Sustained, high-quality student participation usually doesn’t happen on its own in the online learning environment. The instructor needs to model participation, create assignments that encourage it, and foster an environment that supports it. Here are some ways that I promote student participation in my online courses.
Use discussions as assignments. Rather than assigning an overall participation grade, I treat each one-to-two-week discussion as an assignment. The discussion assignment is typically tied to an independent assignment. For the discussion portion, each student reviews the work of one or two classmates and is required to post comments and/or questions. The independent assignment is worth 20 points and the associated discussion assignment is worth 10 points.
I find that students do not necessarily need much preparation to interact in these discussion forums after I model participation for them. I post substantive comments, and in my modeling I never have yes or no questions.
Create informal conversation spaces. The assignment and discussion forums are not the only forums in my courses. I have two other forums: The Coffee Shop and The Teacher’s Room. The Coffee Shop is for students to engage with each other on topics other than the content of the course, which helps build community and makes students feel comfortable with each other. The personal relationships built there can carry over into the content-related forums, and I think this informal space helps make posting in all forums feel safer.
The Teacher’s Room is for administrative issues and questions and comments about current and past assignments. I advise students to check this forum regularly for important information, and I encourage students to answer each other’s questions there. Sometimes students will post additional resources or they’ll bring up issues that aren’t necessarily related to the current week, but they add to the learning experience.
Encourage and recognize go-getters. In each course there are typically two to four students (out of 15) who are real go-getters. They help set the tone of the course and can be very helpful in getting others to participate. I’ll encourage their participation by sending them private emails saying something like “I really like what you had to say about … . Thanks for contributing.” I’ll also recognize them publicly through an announcement in The Teacher’s Room or an email to the entire class when I feel that a student has made an insightful comment about the course content.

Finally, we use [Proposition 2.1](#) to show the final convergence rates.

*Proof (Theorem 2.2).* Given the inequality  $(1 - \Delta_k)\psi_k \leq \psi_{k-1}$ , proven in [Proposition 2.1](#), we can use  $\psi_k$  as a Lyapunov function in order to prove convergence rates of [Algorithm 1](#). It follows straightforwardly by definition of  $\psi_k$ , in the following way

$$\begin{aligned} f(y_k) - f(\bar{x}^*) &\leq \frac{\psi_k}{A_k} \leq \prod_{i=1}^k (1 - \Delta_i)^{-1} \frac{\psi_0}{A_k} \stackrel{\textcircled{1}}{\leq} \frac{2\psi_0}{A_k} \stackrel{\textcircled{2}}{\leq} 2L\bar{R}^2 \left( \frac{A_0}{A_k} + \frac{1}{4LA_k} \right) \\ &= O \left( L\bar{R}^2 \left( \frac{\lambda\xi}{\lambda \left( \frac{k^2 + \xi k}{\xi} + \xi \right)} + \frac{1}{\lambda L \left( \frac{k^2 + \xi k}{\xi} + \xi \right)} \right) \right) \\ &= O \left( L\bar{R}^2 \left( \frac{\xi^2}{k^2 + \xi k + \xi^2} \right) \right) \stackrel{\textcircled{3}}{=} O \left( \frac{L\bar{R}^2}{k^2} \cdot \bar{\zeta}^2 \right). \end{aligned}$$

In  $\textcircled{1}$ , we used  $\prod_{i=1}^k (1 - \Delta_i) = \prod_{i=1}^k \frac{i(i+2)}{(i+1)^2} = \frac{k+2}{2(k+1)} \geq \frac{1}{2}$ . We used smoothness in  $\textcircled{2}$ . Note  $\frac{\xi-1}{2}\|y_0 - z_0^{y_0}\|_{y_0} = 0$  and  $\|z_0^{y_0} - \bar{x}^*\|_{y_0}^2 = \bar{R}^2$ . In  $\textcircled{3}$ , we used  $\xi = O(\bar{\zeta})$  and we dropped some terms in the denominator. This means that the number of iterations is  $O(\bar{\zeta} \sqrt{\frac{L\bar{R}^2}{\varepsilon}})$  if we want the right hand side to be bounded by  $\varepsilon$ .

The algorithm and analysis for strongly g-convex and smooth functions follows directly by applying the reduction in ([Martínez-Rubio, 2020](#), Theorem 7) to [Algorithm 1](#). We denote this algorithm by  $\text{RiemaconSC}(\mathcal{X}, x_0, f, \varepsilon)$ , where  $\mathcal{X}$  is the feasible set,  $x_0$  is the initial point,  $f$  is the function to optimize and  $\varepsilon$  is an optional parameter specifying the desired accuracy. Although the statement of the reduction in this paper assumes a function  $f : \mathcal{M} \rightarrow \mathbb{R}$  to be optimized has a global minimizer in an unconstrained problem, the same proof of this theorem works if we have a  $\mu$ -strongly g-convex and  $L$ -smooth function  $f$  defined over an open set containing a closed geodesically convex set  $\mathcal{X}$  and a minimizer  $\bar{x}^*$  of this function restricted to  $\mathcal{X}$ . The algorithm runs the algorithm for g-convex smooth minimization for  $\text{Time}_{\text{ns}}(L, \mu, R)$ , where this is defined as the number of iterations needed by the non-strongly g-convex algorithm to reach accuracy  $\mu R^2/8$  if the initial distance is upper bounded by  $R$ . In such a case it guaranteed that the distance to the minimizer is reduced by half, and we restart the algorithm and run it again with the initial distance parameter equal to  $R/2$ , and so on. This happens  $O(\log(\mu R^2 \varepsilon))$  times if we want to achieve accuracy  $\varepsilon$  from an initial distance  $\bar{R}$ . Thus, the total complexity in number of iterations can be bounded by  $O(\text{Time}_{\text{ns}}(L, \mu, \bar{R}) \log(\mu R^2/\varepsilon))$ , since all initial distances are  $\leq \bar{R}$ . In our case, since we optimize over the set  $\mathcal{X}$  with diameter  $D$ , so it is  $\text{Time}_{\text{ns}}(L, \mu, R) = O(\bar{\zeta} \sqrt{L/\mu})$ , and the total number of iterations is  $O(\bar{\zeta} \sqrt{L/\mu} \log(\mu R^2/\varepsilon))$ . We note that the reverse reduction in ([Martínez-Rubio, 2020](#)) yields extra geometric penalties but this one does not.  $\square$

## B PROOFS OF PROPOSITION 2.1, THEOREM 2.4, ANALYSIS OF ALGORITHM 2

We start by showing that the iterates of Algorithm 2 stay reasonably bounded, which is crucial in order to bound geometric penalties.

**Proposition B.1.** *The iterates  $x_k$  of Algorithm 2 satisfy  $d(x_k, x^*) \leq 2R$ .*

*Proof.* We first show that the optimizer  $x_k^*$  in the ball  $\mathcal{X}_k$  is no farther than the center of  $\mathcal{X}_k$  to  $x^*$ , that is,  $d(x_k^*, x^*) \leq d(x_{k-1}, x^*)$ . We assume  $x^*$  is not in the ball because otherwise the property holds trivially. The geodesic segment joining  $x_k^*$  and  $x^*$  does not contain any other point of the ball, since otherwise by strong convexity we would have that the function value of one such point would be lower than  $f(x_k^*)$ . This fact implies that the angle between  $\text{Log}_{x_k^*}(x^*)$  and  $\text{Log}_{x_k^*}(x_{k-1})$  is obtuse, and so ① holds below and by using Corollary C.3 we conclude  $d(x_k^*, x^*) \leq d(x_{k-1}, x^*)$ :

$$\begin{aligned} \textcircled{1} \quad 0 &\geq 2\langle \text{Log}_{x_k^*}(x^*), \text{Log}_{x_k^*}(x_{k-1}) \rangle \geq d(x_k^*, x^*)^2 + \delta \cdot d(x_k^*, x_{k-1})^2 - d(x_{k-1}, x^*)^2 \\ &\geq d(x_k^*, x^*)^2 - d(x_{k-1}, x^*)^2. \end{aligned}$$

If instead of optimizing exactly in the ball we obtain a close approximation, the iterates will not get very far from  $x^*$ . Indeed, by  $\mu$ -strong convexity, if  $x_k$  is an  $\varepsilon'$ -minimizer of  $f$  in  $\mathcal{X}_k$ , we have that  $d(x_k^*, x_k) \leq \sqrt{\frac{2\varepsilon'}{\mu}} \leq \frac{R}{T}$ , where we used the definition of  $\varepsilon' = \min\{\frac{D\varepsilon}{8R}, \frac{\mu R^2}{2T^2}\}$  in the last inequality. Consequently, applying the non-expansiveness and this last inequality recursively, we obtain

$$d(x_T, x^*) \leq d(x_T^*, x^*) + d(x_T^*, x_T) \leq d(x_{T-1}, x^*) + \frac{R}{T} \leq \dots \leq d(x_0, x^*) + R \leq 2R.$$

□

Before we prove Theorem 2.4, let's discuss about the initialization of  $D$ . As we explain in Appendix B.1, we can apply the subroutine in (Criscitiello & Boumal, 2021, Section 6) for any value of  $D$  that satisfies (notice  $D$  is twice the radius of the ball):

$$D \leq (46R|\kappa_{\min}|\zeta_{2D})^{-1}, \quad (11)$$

Use student moderators. After I have moderated the discussion forum for three or four assignments, I turn moderating duties over to the students so that they become facilitators of the conversation, which creates a positive learning environment in terms of power-sharing, involvement, and ownership of the course.
Students can select which forum topic and week they would like to moderate on a first-come, first-served basis. The responsibilities are described in the instructions, and a week before they are to moderate I send out a reminder about their responsibilities, which include:
- Focusing the discussion on course content
- Encouraging new ideas
- Initiating further discussion through questions or observations
- Finding and communicating unifying threads
- Drawing attention to opposing perspectives
- Summarizing and posting a report about the discussion
I let the student moderators take the lead. I do not participate until the latter part of the week’s assignment, but I do participate because it’s important that the students don’t feel abandoned by the instructor, particularly when the discussion is facilitated by a student who may not be very confident in the role.
An interesting dynamic occurs when students moderate. Students who either have moderated already or who will moderate in the future are very supportive because they’ve been in the hot seat or will be there soon.
Another wonderful quality of having student moderators is that they bring a different perspective to the course. I look at the content in a certain way. Student moderators—especially good ones—will often look at the content from a different perspective. They will raise topics that I would never have thought of talking about. They bring in different ideas—some do extra research to make sure they are well informed—and the conversation often goes off in impressive directions.
Students are usually quite positive about the moderating experience. When I survey my students, they typically say that moderating deepens their understanding of the content, that they enjoy taking on a leadership role, and that they see the benefit of having others’ viewpoints brought to the forefront.
Joan Thormann is a professor in the Division of Educational Technology at Lesley University and coauthor of The Complete Step-by-Step Guide to Designing and Teaching Online Courses.